They do not want that DNA, because they break it up
In his article, Mohammed Bakkali argues that, in reality, bacteria do not look for DNA to takeup (they appear not to 'want' this DNA, since they are constantly degrading it; in other words, breaking it up) and that this uptake is a chance event and the sub-product of a type of bacterial motility that is part of its response to the stress that the bacteria may be subjected to.
Therefore,our current indiscriminate use of antibiotics "not only selects the resistant bacteria, but also means that the bacteria take up more DNA, due to their increased motility in response to the stress that the antibiotic subjects them to". The result is that the stress caused by the antibiotic itself induces the uptake of genetic material that can bring about resistance to the antibiotic bybacteria that, otherwise, would not have taken up that DNA nor become resistant to the antibiotic. Furthermore, this effect is strengthened by its lack of specificity, since it occurs both in the target pathogen and in other bacteria.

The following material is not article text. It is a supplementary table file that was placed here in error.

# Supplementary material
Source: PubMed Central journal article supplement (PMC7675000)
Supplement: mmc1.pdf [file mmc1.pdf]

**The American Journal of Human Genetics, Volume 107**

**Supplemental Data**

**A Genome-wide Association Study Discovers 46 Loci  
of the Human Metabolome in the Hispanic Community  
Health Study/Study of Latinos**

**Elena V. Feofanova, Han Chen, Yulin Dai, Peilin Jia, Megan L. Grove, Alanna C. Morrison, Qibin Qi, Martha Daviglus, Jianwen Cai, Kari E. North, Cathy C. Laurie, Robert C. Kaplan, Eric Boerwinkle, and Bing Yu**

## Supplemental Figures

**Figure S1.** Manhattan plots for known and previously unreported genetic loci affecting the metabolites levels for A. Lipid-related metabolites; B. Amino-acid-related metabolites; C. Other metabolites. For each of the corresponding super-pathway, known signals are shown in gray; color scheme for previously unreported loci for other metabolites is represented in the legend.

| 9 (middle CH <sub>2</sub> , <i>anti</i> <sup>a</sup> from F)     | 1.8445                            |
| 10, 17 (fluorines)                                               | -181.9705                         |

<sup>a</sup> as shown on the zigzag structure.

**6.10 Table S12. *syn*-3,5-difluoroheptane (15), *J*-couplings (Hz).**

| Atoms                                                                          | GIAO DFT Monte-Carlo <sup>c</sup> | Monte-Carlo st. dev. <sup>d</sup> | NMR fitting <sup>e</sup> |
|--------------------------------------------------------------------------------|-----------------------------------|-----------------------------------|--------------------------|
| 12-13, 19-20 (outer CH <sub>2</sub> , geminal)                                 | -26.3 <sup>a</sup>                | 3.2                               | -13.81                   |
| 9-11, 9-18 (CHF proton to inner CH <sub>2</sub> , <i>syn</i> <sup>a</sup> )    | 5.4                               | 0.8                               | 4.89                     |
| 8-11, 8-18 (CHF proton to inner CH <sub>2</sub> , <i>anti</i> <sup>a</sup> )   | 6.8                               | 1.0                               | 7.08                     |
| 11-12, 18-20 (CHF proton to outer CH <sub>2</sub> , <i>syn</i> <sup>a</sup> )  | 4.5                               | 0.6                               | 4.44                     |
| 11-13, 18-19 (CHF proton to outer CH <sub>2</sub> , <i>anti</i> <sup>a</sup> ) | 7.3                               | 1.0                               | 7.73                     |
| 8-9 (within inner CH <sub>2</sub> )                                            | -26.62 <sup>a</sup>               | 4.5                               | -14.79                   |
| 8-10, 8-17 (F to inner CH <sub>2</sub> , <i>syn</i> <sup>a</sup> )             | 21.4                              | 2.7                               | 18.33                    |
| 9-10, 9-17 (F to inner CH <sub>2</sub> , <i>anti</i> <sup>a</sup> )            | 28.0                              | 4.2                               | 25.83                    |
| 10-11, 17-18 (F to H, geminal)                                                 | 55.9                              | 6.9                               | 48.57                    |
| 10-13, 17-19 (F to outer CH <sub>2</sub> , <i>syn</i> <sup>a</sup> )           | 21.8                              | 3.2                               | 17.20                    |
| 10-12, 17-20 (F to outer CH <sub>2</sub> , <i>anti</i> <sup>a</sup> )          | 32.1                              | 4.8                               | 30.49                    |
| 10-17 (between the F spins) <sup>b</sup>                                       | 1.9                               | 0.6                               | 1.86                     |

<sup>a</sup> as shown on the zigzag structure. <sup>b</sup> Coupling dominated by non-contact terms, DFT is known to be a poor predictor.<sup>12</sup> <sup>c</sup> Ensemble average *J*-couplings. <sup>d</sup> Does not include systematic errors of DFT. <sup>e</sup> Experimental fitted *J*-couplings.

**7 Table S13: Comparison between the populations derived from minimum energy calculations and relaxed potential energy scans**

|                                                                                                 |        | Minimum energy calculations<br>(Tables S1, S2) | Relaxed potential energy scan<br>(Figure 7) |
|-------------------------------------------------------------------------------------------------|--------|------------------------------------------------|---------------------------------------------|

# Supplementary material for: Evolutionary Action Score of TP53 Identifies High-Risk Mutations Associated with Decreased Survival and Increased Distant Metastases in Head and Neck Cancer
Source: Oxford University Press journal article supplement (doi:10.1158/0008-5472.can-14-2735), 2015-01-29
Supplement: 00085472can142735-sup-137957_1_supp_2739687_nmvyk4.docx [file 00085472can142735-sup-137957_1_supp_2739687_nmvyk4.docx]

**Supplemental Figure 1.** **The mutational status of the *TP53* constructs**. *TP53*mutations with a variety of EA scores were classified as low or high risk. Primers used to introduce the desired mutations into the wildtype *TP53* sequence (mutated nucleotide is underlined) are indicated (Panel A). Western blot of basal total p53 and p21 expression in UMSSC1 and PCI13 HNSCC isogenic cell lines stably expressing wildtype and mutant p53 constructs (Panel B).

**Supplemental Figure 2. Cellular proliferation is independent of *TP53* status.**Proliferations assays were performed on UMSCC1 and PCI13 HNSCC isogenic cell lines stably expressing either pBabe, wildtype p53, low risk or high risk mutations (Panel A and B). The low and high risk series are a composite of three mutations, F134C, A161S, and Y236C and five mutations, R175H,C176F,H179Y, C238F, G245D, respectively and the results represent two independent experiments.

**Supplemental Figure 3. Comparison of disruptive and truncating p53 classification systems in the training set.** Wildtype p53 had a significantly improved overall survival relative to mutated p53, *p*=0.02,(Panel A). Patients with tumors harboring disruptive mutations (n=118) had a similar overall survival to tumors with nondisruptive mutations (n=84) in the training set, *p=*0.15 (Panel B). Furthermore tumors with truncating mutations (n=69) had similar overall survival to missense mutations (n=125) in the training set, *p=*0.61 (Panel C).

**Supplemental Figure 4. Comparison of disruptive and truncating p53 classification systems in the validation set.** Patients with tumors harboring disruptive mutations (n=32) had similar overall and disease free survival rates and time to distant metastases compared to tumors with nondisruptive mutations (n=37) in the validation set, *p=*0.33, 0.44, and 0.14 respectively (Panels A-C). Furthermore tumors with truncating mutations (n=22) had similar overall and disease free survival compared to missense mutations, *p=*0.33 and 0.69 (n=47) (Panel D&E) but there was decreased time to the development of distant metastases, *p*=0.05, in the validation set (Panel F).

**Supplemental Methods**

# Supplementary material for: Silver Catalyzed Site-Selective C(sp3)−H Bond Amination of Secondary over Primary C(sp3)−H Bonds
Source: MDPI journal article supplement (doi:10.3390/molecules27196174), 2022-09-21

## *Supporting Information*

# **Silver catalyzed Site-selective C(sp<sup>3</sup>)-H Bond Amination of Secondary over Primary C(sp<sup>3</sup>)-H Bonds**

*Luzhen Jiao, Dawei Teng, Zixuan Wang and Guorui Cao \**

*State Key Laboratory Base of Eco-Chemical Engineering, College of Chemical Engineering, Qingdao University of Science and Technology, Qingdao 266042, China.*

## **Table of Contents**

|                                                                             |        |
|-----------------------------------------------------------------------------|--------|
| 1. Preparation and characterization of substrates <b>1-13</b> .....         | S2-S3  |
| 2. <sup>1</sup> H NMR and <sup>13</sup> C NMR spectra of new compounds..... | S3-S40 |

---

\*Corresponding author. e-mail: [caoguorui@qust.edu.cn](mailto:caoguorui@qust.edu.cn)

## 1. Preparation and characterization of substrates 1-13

The UGR researcher states that, when a bacterium takes up DNA from another antibiotic-resistantone (and which could have died due to another environmental factor), the bacterium that takes it up becomes resistant to that antibiotic. "Thus, the bacteria can go on adding to their arsenal of resistance to antibiotics and end up being resistant to a wide range of them, such as is the case of the multi-resistant strain of a staphylococcus, called Staphylococcus aurius, which creates havoc in many operating theatres.
|Contact: Mohammed Bakkali|
University of Granada